I would like to know what are the default stdin and stdout of a child process (if there are such defaults). Are stdin and stdout of a child process the same as its parent process? Is this something inherited from the parent or something set by the parent? Or are the stdin and stdout of the child process plugged into stdin and stdout of parent process?

In my understanding parent and child are not piped but are at first clones, so I think stdin and stdout of the child are exactly the same as the parent, but I am not sure.

For example, in a terminal running bash as a login shell, if I type shit will create a child shell process, that will have as stdin the keyboard and stdout the terminal screen, so the same as its parent. I want to understand how the child's stdin and stdout were defined and what they are.

I want to know if for example in this case, if the stdin and stdout of the child are like the parent's it's because parent's stdin is piped into child stdin, and parent just "redirects" its input to the child or if the child gets its input directly from the keyboard.

In this same case, if parent and child have the same stdin, does that mean that the parent processes the same commands that are typed to the child? How come we only see the stdin/out of child in the terminal and not its parent's?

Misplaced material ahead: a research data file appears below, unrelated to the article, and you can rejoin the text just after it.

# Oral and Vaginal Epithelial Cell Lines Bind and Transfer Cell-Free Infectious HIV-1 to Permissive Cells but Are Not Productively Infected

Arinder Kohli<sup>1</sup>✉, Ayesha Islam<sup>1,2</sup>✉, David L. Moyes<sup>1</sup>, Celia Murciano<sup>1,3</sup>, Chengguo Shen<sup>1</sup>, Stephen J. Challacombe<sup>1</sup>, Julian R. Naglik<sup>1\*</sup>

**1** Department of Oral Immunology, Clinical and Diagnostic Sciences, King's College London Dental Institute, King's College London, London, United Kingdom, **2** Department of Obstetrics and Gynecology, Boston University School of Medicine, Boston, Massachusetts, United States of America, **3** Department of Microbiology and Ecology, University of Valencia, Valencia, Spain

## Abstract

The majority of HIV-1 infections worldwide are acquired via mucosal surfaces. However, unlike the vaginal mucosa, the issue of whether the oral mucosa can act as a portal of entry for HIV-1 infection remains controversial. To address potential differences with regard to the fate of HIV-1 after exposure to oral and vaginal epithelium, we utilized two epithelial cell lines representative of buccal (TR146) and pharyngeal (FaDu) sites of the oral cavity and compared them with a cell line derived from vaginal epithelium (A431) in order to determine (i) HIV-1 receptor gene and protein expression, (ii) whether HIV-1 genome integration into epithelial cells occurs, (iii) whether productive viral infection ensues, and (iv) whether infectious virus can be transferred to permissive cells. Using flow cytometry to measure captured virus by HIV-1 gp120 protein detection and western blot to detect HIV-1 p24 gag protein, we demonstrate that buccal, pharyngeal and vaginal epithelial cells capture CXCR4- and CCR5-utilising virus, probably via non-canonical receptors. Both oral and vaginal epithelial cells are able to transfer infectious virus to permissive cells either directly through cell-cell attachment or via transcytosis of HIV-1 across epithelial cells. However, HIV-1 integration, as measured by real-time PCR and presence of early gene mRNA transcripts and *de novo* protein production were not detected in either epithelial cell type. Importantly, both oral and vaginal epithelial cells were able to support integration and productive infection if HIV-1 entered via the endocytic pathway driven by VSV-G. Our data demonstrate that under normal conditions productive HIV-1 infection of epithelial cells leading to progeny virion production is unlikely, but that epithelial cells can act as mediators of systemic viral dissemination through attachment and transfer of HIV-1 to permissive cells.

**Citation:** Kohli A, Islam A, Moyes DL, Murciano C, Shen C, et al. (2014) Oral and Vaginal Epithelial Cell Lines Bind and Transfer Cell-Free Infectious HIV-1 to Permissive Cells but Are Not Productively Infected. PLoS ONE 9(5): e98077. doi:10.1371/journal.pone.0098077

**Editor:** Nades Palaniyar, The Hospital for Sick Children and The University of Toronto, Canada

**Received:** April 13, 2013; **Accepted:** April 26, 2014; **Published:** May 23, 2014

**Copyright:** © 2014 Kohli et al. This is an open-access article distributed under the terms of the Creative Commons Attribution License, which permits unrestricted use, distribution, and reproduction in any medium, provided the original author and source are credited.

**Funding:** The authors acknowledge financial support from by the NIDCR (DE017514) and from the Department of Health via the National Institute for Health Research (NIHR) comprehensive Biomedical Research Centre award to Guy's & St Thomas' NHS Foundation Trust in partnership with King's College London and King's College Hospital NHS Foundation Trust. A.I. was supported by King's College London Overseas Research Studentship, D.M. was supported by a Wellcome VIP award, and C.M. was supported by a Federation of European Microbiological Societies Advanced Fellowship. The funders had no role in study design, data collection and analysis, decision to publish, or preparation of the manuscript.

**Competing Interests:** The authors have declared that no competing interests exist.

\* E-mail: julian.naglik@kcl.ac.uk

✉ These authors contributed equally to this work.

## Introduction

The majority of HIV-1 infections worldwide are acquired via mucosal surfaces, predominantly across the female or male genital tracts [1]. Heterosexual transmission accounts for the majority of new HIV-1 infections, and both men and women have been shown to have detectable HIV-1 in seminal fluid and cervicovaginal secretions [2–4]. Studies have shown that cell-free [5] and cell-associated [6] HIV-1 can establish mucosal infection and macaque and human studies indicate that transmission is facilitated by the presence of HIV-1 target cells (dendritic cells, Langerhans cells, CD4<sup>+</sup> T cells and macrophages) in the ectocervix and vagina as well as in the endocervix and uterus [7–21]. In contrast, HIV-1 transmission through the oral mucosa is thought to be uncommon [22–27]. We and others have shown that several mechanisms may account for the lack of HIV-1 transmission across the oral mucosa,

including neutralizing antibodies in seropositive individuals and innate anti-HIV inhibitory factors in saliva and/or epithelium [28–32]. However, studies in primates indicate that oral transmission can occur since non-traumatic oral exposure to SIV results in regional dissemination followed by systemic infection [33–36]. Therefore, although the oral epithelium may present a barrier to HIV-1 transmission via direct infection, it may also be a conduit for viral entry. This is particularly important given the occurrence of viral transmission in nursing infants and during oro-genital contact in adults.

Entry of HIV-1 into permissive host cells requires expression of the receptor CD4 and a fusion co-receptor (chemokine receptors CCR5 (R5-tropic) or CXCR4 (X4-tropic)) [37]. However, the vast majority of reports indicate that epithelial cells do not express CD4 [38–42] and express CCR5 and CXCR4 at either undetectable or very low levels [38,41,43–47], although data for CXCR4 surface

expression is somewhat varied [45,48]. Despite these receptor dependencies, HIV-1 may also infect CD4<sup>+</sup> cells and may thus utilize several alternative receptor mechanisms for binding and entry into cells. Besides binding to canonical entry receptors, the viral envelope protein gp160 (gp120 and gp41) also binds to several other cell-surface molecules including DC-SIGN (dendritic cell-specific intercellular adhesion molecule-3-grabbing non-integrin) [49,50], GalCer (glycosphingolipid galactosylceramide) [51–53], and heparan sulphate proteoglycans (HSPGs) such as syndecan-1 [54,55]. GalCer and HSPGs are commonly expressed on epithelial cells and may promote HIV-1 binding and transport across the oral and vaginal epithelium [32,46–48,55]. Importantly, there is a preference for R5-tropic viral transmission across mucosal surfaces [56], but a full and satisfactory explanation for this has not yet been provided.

2 Answers 2


Look at the man page for fork(2). A child process inherits the parent's file descriptors, including standard input and standard output. For a single command, the shell simply lets the child process inherit those descriptors and write its output to the terminal. For a pipeline, it forks each process, sets up a pipe between the output of one and the input of the next, and then executes (exec(2)) each child's executable.


The previous answer is correct, but I would encourage you to go further and learn how to use strace. strace attaches to a process and then prints each system call the process is making to your terminal. This can be very educational and maybe a bit overwhelming. Each system call has a man page and you'll see every little action the program is doing in minute detail. It's very useful for debugging problematic processes.

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